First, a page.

Old DNA has been recovered from rudimentary chewing gum emitted by a man from the Stone Age who lived in Sweden some 10,000 years ago.
The chewing gum – which still bears the mark of the teeth of its chewers – is made of tar made from the bark of birch trees.
The DNA that people left in their gums is the oldest known human DNA from Scandinavia, a region that has so far produced few human skeletal remains.
Analysis suggests that, despite the use of tools originating from the east of hunter-gatherers, the chewing gum-chewers were related to more Western populations.
& # 39; This supports the theory that culture and genetic imports in Scandinavia came from two different routes – one from Western Europe and the other from the east, in what is today Russia.
Old DNA has been recovered from rudimentary chewing gum (pictured) spit out by people from the Stone Age who lived in Sweden about 10,000 years ago
The chunks of age-old chewing gum were excavated from an archaeological site called Huseby-Klev, located on the west coast of Sweden, dating back to around 10,000 years ago.
The early Mesolithic hunter-fishermen who lived in Huseby-Klev made the chewing gum from berkeberteer.
Along with chewing, this material was also used by people from the Stone Age as an adhesive for the production of tools and other technologies.
Researchers from the University of Oslo and the University of Stockholm found that the DNA in the chewing gum was left by three people, in particular two women and one man.
Imprints of the teeth of the three chewers can still be seen in some parts of the gums.
The researchers were & # 39; overwhelmed & # 39; by the results they got from the lumps of gums, said the first author, Natalija Kashuba, who is now based at the University of Uppsala.
& # 39; We almost came across this & # 39; forensic investigation & # 39; against, where DNA was requested from these mastic clogs, which were spit out at the site some 10,000 years ago, & # 39; she said.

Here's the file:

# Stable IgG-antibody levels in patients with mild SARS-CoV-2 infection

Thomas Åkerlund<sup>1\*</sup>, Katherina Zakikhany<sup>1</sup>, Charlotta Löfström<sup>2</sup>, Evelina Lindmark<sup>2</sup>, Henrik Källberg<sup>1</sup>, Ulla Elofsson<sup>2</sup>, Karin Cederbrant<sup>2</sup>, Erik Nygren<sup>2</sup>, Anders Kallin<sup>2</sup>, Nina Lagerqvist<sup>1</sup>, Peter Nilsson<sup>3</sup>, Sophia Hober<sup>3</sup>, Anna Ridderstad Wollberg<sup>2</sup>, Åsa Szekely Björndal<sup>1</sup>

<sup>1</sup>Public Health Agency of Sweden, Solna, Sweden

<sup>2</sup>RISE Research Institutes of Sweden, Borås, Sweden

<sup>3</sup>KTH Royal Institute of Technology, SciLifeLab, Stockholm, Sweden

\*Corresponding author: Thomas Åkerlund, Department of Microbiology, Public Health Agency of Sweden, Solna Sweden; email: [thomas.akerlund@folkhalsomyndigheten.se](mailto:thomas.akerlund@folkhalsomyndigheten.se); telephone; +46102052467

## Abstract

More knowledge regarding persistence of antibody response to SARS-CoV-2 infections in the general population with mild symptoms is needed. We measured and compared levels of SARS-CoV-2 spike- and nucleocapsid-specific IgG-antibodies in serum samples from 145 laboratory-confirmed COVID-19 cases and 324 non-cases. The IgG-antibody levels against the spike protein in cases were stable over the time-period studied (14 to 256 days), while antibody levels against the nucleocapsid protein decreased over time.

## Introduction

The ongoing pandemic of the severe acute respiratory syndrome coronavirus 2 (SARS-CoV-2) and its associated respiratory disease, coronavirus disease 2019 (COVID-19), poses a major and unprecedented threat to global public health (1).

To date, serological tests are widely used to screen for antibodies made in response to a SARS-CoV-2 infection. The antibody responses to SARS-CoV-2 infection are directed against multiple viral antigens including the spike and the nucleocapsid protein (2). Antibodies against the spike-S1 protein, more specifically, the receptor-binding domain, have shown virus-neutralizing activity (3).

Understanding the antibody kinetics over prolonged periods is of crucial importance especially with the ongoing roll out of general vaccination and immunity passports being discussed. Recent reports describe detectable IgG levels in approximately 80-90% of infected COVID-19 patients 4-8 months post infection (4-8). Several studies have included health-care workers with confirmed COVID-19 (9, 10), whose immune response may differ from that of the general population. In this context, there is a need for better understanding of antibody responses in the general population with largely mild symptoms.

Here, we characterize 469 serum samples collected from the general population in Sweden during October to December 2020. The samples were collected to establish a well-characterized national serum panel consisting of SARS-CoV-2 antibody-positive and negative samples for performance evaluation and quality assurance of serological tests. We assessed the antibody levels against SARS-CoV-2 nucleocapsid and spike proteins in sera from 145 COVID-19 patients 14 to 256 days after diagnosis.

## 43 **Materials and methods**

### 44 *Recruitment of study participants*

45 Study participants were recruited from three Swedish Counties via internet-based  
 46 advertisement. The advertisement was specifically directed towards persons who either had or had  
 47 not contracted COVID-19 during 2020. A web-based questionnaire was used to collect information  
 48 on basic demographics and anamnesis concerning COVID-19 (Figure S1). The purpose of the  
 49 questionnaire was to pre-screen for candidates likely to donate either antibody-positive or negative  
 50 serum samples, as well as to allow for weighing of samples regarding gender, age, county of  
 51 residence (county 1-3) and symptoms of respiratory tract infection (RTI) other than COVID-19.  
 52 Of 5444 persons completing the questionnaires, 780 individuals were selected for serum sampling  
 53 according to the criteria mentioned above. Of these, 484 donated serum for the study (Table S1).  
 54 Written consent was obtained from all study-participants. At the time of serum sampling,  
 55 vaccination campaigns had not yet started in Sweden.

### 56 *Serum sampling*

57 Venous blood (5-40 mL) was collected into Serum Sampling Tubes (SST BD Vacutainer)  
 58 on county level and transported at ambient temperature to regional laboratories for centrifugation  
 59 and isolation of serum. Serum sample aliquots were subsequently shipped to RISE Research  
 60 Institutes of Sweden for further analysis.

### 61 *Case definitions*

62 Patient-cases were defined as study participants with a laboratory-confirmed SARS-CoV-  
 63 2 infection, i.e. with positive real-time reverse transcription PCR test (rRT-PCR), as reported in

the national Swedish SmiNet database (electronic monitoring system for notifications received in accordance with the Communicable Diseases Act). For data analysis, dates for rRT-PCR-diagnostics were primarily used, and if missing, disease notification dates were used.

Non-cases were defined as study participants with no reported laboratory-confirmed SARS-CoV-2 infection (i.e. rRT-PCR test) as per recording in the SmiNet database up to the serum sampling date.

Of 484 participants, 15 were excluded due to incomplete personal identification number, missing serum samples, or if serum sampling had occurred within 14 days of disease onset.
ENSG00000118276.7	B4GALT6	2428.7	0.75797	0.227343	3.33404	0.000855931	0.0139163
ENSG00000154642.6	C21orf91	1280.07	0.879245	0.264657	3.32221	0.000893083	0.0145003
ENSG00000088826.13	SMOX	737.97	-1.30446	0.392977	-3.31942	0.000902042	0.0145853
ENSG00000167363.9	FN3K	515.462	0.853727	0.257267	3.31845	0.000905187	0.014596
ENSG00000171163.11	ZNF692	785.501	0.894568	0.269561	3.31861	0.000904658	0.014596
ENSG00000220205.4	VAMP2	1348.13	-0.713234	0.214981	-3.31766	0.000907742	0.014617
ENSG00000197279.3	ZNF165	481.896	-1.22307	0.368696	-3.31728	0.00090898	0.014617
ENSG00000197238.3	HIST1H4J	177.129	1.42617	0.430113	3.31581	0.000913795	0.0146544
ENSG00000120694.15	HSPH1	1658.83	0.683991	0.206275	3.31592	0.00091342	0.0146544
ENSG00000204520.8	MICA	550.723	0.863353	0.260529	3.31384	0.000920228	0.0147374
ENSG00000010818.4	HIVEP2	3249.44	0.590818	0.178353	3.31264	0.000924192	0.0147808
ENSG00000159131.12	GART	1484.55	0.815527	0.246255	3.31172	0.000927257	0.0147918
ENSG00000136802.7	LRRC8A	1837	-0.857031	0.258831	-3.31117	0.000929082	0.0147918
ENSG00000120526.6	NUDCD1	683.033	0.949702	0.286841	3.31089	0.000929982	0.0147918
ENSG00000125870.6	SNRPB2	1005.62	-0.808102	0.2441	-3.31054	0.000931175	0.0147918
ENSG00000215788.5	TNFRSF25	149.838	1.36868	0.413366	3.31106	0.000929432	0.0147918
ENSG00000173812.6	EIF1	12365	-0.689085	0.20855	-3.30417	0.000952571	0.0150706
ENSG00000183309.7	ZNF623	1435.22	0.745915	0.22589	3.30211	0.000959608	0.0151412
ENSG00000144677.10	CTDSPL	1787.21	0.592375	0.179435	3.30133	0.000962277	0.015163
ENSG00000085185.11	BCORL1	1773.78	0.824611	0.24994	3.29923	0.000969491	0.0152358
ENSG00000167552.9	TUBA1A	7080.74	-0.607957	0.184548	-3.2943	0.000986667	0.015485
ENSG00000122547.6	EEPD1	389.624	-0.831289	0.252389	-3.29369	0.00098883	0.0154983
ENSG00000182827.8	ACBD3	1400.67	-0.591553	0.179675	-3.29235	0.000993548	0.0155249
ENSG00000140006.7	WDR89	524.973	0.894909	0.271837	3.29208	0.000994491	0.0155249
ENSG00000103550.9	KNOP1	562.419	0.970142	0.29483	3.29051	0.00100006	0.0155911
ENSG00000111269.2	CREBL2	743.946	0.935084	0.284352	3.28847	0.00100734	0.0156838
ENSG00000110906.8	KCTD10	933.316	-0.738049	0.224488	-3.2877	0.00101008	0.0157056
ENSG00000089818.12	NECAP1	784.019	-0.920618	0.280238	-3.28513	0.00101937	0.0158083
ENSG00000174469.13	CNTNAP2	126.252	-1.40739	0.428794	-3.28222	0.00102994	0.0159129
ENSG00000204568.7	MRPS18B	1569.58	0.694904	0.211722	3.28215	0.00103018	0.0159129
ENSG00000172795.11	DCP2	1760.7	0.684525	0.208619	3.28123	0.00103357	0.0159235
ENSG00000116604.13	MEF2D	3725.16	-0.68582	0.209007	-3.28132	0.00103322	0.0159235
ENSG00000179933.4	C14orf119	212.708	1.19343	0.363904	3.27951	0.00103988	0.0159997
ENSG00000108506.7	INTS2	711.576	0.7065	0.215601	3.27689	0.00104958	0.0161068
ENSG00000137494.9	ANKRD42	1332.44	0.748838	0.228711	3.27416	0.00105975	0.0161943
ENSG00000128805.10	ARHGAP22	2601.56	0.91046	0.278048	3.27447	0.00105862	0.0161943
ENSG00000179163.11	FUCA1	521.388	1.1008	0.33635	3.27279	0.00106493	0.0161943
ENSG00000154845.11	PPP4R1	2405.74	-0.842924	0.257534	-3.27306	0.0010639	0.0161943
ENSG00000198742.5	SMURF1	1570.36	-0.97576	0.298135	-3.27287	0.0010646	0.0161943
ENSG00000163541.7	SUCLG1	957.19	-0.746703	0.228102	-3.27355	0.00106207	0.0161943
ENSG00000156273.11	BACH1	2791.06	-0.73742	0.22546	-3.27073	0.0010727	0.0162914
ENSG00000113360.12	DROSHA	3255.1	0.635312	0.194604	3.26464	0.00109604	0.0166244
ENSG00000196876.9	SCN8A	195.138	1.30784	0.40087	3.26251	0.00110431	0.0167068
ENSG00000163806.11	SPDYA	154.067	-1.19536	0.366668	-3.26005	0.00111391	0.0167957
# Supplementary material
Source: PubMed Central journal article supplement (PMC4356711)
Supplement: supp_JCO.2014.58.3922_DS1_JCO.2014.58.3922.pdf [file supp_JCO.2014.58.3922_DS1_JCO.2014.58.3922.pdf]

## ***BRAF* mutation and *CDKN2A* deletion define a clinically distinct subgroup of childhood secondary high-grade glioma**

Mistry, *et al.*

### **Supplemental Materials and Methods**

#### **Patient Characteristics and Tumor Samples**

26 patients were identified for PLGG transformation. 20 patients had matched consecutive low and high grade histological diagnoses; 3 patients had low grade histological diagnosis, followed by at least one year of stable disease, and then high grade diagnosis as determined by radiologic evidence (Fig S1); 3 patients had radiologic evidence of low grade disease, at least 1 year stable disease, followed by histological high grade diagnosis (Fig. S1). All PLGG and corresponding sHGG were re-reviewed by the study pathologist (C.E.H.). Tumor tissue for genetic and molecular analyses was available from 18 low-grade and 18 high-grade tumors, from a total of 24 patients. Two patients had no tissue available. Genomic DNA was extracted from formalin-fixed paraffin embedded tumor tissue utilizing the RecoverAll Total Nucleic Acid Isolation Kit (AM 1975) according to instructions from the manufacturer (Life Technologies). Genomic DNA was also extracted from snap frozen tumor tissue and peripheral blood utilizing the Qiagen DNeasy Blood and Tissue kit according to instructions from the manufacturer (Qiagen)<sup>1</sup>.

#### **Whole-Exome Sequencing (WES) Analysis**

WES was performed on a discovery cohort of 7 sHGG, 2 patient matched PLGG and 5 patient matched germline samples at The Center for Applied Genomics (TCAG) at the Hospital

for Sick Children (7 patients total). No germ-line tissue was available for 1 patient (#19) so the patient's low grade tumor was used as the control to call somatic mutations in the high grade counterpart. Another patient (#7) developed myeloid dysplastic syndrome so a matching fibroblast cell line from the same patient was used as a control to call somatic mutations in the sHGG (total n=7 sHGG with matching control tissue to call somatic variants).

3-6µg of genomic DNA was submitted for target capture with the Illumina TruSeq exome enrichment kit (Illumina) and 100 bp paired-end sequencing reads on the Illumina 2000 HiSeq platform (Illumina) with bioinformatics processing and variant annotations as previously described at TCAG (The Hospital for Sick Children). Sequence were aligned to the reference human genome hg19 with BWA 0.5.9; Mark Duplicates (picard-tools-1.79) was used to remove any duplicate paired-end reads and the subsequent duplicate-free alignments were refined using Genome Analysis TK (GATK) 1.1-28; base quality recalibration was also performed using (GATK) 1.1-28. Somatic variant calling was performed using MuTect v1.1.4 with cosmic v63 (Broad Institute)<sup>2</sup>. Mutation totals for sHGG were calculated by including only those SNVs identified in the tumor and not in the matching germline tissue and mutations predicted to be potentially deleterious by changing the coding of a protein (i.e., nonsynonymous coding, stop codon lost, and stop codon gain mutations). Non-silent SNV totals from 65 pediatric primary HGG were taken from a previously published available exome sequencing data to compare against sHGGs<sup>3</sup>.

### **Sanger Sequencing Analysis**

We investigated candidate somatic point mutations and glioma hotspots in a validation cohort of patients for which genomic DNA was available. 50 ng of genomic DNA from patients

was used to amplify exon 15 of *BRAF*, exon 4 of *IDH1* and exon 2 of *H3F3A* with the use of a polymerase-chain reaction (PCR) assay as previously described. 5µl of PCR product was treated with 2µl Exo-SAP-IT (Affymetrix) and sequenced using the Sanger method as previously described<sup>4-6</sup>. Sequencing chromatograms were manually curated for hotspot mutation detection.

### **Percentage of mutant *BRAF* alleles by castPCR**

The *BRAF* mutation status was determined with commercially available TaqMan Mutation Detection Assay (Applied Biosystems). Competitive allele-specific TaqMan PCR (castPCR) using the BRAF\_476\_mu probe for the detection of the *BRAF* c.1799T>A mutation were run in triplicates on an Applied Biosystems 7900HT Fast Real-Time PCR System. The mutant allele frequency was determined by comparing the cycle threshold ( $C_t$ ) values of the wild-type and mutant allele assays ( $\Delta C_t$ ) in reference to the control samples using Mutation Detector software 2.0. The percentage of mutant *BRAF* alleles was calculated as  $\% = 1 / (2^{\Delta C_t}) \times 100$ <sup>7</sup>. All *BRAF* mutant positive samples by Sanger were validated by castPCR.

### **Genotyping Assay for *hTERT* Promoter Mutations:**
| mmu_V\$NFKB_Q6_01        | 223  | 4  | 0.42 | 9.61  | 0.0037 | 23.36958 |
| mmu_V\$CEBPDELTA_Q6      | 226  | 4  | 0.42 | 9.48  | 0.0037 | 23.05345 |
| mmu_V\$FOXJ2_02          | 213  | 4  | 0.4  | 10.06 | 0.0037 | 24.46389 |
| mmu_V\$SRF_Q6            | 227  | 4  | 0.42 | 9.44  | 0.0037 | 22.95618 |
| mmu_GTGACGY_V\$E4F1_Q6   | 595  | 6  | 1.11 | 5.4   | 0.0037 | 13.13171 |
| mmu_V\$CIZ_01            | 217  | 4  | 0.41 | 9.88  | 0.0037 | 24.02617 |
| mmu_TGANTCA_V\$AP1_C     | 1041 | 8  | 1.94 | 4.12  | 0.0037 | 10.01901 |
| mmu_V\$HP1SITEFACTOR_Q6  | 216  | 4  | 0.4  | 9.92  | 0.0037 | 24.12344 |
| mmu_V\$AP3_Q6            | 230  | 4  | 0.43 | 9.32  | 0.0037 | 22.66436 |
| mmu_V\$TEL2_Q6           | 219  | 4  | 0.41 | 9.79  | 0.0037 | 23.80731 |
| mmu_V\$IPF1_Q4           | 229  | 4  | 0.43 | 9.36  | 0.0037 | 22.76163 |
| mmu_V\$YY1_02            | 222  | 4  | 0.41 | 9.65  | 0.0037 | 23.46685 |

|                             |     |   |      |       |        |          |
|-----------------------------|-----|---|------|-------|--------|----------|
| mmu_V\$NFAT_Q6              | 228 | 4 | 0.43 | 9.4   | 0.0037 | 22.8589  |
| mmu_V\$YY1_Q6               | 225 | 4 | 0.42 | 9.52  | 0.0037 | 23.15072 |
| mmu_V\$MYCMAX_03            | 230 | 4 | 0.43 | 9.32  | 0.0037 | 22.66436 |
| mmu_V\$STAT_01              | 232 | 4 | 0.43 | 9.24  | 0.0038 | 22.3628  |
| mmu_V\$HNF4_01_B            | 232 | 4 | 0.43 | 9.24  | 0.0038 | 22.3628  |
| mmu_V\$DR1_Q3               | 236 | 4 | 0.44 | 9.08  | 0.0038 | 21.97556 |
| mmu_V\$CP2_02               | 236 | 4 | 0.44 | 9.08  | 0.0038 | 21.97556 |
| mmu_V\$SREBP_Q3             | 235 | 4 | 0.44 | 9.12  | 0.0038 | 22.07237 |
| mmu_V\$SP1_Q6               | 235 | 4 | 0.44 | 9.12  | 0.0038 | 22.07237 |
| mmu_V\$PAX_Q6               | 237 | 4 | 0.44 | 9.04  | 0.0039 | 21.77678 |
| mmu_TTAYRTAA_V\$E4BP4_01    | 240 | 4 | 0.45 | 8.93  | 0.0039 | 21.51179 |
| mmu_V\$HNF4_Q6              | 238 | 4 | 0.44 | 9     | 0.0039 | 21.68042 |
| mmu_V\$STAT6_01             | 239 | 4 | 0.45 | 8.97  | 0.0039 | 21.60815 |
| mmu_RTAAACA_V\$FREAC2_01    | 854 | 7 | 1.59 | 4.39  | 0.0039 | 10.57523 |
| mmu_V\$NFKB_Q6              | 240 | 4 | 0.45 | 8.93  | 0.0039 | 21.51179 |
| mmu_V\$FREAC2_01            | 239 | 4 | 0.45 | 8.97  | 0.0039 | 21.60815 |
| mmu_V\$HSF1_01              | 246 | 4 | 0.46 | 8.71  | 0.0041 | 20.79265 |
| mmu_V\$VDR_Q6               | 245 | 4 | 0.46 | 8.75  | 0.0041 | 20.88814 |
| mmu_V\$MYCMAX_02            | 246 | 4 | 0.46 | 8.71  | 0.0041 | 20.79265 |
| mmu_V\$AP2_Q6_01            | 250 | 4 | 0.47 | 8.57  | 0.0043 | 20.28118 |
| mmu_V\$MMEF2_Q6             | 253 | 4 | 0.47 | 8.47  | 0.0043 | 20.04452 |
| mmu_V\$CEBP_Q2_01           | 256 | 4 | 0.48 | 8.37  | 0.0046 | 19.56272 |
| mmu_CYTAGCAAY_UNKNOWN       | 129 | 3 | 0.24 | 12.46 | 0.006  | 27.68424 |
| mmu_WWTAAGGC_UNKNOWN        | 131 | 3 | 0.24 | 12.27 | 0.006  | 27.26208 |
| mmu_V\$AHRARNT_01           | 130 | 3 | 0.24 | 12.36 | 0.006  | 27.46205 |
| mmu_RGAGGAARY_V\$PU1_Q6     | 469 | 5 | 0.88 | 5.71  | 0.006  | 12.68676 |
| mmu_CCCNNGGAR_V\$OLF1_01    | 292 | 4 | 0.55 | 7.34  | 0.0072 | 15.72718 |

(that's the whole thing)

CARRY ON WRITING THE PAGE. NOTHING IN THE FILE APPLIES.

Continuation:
It is only thanks to recent advances in DNA sequencing technology that such studies are now feasible.
The Huseby Klev site was dug up in the 1990s, when it was not possible to sequence human DNA – let alone keep it outside of human remains.
The team had initially been hesitant about the prospect of studying the old gum, Mrs. Kashuba added.
But, she said, they were & # 39; really impressed that archaeologists took care of the excavations and preserved such fragile material & # 39 ;.
Researchers discovered that the DNA in the gums came from two women and one man. Imprints of the teeth of the three chewers can still be seen in some of the old pieces of chewing gum (pictured, a piece of chewing gum, in the middle, with two casts on each side.) Text prints can be seen on all three)
& # 39; Demography analysis suggests that the genetic composition of Huseby Klev individuals is more similar to western hunter-gatherer populations than eastern hunter-gatherers & # 39 ;, said Emrah Kirdök, University of Stockholm, who carried out the computer-based analysis of undertook the old DNA.
These western hunter-gatherers were among other population groups in Sweden and early Mesolithic people groups of Ice Age Europe.
But the tools that archaeologists have found on the Huseby Klev site were based on a type of stone-based technology known to have been brought into Scandinavia from the Eastern European plain, in what is today Russia.